The Seymour Family is a noble House that rises to prominence in the court of King Henry VIII during The Tudors. In the latter part of Season Two, they gradually replace the Boleyn Family as the dominant noble House in the Royal Court- largely because of the King's growing interest in Jane Seymour over his previous wife, Anne Boleyn. The ancestral residence of the Seymours is Wolf Hall.
House Seymour (like the Boleyns) comes from minor nobility rank and largely favors the Protestant Reformation (with the exception of Jane, who is a devout Catholic). They were originally landed gentry rather than true nobility, having won recognition and royal favor from their service in battle alongside King Henry. Sir John Seymour, Jane's father, is initially head of the House, but his health is failing and he dies in Season Three. Edward Seymour, his eldest son, succeeds John as the patriarch of the House of Seymour. It seems that of the families that married into the House of Tudor, the Seymours were the lowest and terms of rank.
With the Boleyns all but destroyed at the end of Season Two, the Seymours' main rivals in Season Three are Catholic factions such as conservative clergymen (led mainly by Bishop Stephen Gardiner) the rebel factions of the Pilgrimage of Grace, and the Howard family, the next most powerful House at the Royal court. Their position is secured by the destruction of the Pilgrimage- and of Jane's delivery of Henry's son, Prince Edward (though she dies of fever twelve days later). The Seymours then make an alliance of convenience with Gardiner and Charles Brandon to destroy Thomas Cromwell, the King's first minister and their only real remaining rival for power. Despite Cromwell being a fervent Reformer like them, Edward and Thomas Seymour's greed for power lead them to usurp him and have him executed for treason.
In Season Four, the Seymours' position at court begins to slip as the Howard family returns to royal favor with the King's marriage to Katherine Howard (despite Edward Seymour having drawn the King's attention to her in the first place). Bishop Gardiner and the Catholic clergymen push further for laws against heresy, threatening the Seymours' safety. When Katherine Howard is found guilty of adultery in episode 4.05 and executed, the Seymours fall sharply from the King's favor, and he begins to rely increasingly on the Earl of Surrey, one of the most powerful and aggressive members of the Howard family. However, the Seymours regain some favor through their close association with Henry's sixth wife, Catherine Parr. They ultimately triumph against both rivals- Surrey is executed for supposed treason in 4.09 (involving a plot to kidnap the Prince) and Gardiner is banished permanently from court because King Henry was annoyed by his fanaticism. With the King dying and their nephew the Prince a minor, the governance of England is mostly left in the hands of Edward and Thomas Seymour at the end of the series.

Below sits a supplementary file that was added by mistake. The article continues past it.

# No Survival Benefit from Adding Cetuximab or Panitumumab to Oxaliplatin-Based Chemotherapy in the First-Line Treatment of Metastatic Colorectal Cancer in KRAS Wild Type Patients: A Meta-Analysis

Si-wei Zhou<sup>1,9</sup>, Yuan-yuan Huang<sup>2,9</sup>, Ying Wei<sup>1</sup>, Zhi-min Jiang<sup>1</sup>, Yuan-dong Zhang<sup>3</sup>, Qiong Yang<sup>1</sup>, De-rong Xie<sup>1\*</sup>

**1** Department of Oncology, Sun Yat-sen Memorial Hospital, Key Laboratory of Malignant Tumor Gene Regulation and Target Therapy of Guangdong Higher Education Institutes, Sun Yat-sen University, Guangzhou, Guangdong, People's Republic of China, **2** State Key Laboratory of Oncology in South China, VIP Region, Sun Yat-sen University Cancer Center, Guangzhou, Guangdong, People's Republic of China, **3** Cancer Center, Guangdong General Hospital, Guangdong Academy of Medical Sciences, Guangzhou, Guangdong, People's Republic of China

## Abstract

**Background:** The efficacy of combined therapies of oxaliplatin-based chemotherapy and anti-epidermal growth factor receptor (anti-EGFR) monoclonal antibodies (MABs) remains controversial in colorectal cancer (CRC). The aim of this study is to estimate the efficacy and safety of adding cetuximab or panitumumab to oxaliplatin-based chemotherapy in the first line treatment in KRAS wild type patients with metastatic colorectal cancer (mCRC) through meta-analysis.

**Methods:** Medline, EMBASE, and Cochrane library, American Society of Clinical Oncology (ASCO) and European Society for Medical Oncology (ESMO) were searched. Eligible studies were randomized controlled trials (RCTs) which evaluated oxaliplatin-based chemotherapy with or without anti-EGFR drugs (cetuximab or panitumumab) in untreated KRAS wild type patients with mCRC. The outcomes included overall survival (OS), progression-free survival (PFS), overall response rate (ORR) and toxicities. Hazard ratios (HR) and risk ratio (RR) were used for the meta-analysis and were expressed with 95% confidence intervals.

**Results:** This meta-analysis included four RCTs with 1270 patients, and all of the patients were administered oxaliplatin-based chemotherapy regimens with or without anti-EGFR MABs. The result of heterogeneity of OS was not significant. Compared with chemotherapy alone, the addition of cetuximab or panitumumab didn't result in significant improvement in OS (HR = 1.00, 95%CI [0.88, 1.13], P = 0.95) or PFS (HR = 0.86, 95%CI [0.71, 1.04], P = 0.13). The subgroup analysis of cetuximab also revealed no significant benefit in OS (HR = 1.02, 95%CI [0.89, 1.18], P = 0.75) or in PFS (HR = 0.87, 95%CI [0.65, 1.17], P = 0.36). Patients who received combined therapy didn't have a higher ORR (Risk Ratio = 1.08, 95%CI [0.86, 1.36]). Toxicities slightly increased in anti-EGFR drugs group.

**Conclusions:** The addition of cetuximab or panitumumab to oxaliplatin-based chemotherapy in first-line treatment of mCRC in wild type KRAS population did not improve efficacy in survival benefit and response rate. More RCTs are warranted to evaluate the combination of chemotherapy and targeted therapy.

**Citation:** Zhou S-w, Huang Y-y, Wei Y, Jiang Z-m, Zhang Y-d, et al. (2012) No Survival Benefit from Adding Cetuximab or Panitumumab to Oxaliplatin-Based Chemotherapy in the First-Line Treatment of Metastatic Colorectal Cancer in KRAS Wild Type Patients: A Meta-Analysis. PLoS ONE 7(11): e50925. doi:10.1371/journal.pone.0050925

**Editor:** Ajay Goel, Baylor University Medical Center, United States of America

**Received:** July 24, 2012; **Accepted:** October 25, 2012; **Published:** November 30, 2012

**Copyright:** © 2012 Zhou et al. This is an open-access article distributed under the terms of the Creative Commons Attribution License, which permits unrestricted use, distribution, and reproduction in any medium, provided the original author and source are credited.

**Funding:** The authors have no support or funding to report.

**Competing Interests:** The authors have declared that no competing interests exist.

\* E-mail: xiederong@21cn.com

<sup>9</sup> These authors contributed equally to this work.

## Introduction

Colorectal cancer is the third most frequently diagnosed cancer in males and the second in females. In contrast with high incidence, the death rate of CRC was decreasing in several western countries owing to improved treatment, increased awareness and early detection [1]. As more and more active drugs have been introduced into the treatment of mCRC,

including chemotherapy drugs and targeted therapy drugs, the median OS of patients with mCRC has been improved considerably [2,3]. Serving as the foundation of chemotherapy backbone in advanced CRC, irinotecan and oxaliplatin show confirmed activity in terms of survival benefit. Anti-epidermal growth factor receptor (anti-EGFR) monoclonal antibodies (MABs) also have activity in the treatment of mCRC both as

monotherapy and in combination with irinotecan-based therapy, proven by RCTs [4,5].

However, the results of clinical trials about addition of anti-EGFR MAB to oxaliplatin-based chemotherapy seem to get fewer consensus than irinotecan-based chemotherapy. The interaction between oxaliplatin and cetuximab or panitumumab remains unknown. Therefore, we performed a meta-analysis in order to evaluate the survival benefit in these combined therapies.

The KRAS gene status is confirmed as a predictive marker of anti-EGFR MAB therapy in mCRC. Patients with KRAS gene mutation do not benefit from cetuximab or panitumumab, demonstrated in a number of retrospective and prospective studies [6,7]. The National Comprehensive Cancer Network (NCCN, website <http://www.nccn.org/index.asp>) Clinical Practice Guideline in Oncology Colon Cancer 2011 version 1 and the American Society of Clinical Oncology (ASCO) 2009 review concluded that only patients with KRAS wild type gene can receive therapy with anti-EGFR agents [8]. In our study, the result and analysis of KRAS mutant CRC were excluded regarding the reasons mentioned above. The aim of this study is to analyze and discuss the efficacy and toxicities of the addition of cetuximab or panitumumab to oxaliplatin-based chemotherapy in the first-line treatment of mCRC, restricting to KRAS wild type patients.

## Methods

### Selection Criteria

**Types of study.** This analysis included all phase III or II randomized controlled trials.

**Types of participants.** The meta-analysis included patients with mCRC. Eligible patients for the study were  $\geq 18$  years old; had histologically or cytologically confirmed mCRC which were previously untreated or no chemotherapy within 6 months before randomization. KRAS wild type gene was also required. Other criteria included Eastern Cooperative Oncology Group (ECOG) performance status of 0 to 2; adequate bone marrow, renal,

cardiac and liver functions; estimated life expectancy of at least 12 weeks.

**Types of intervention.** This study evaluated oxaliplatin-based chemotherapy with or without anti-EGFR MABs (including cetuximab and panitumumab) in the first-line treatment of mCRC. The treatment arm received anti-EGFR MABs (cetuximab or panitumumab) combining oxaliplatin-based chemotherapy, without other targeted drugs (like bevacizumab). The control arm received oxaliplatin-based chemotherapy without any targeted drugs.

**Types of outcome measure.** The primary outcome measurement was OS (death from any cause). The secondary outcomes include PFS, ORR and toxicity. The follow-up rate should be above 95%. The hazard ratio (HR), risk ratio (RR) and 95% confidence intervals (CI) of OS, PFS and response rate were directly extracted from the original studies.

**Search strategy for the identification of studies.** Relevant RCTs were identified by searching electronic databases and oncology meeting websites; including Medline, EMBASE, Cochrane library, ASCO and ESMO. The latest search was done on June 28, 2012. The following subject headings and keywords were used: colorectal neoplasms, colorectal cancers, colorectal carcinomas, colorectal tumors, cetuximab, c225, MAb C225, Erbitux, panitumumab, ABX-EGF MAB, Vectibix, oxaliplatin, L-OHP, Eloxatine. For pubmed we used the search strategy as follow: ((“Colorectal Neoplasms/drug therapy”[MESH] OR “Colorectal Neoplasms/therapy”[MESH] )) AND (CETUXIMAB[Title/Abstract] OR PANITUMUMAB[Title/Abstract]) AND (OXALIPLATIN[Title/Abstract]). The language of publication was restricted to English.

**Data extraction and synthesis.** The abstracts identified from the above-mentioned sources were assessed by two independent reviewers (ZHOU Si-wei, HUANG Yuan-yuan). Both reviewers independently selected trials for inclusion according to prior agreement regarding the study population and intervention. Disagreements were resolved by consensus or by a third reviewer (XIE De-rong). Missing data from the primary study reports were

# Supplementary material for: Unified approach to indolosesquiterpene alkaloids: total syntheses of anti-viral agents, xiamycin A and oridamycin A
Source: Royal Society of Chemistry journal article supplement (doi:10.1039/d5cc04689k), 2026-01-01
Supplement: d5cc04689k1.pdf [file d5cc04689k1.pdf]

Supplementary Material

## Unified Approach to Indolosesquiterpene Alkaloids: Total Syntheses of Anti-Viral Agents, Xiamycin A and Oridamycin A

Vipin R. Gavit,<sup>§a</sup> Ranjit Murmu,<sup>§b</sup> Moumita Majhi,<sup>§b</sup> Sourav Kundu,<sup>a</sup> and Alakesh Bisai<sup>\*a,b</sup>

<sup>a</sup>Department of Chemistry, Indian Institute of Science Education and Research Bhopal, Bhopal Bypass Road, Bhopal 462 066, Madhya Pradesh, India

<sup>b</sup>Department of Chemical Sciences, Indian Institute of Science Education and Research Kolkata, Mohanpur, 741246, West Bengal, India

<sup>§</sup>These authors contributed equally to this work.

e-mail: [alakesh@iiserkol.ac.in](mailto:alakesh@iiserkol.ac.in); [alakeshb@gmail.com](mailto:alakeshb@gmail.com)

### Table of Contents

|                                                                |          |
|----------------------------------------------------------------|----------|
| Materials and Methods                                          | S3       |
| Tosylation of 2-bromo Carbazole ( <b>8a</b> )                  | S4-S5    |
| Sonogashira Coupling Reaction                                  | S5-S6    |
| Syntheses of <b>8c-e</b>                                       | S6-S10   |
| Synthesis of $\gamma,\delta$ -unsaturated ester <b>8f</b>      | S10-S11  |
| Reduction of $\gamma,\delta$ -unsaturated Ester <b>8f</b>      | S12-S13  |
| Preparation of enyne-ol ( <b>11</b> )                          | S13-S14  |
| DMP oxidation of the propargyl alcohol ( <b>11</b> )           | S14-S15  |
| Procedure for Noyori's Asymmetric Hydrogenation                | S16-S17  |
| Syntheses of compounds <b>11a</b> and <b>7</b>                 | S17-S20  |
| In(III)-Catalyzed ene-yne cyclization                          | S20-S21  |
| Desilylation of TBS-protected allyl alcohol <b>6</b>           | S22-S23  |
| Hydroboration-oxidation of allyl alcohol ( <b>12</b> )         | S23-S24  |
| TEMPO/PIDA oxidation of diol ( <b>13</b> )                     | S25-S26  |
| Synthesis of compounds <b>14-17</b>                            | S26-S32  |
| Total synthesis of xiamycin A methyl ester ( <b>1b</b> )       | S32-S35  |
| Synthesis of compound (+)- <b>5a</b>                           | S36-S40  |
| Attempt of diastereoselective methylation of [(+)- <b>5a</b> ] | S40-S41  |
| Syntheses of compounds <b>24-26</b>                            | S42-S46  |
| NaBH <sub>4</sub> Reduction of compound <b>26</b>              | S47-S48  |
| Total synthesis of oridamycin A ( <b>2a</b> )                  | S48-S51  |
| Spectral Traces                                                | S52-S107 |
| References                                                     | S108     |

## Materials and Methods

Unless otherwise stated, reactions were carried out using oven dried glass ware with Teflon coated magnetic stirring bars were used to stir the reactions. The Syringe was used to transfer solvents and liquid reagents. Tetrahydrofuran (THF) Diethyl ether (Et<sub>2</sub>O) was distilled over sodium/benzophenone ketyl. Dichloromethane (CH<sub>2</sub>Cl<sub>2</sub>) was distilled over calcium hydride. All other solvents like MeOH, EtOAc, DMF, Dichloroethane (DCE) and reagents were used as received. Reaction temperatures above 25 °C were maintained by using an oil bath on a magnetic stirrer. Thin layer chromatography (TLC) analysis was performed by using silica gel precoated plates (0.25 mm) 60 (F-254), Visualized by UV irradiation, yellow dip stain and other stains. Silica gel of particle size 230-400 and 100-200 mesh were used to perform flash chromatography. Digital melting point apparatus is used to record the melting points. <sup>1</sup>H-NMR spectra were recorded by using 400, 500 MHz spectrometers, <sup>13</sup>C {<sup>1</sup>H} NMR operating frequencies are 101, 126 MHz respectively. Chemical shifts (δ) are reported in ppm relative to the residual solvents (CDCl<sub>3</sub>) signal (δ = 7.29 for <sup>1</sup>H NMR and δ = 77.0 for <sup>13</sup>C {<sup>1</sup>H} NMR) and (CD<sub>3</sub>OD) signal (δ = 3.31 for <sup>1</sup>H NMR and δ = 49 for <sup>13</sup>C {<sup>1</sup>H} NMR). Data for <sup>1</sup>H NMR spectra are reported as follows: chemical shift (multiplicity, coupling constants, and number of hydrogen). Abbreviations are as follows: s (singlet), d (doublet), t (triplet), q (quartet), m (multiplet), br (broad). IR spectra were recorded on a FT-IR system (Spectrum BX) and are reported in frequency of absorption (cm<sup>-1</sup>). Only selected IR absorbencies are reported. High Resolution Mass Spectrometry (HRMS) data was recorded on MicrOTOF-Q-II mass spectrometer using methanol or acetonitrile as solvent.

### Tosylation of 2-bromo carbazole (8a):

Their triumph would ultimately be brief. Both Seymour brothers were eventually covicted of treason and executed during King Edward VI's short, turbulent reign, and King Edward himself- the last great legacy of the Seymour family- died at age 15 of illness.
- Sir John Seymour. Father of Edward, Jane and Thomas. Maternal grandfather of King Edward VI. Deceased.
- Queen Jane Seymour. Daughter of John, sister of Edward and Thomas. Third wife of King Henry VIII and mother of King Edward VI. Deceased.
- Sir Thomas Seymour, Commander of the Royal Navy (later Baron of Sudeley). Son of John, younger brother of Edward and Jane. Husband of Catherine Parr, uncle to King Edward VI.
- Anne Stanhope, Countess of Hertford. Wife of Edward Seymour.
- Queen Catherine Parr. Formerly sixth wife of King Henry VIII and wife of Thomas. Former stepmother of King Edward VI.
- King Edward VI Tudor. Son of King Henry VIII and Jane Seymour; nephew of Thomas and Edward Seymour and grandson of John Seymour.
- Thomas Seymour. Son of Anne Stanhope and Edward Seymour, however he may be the biological son of Sir Thomas Seymour.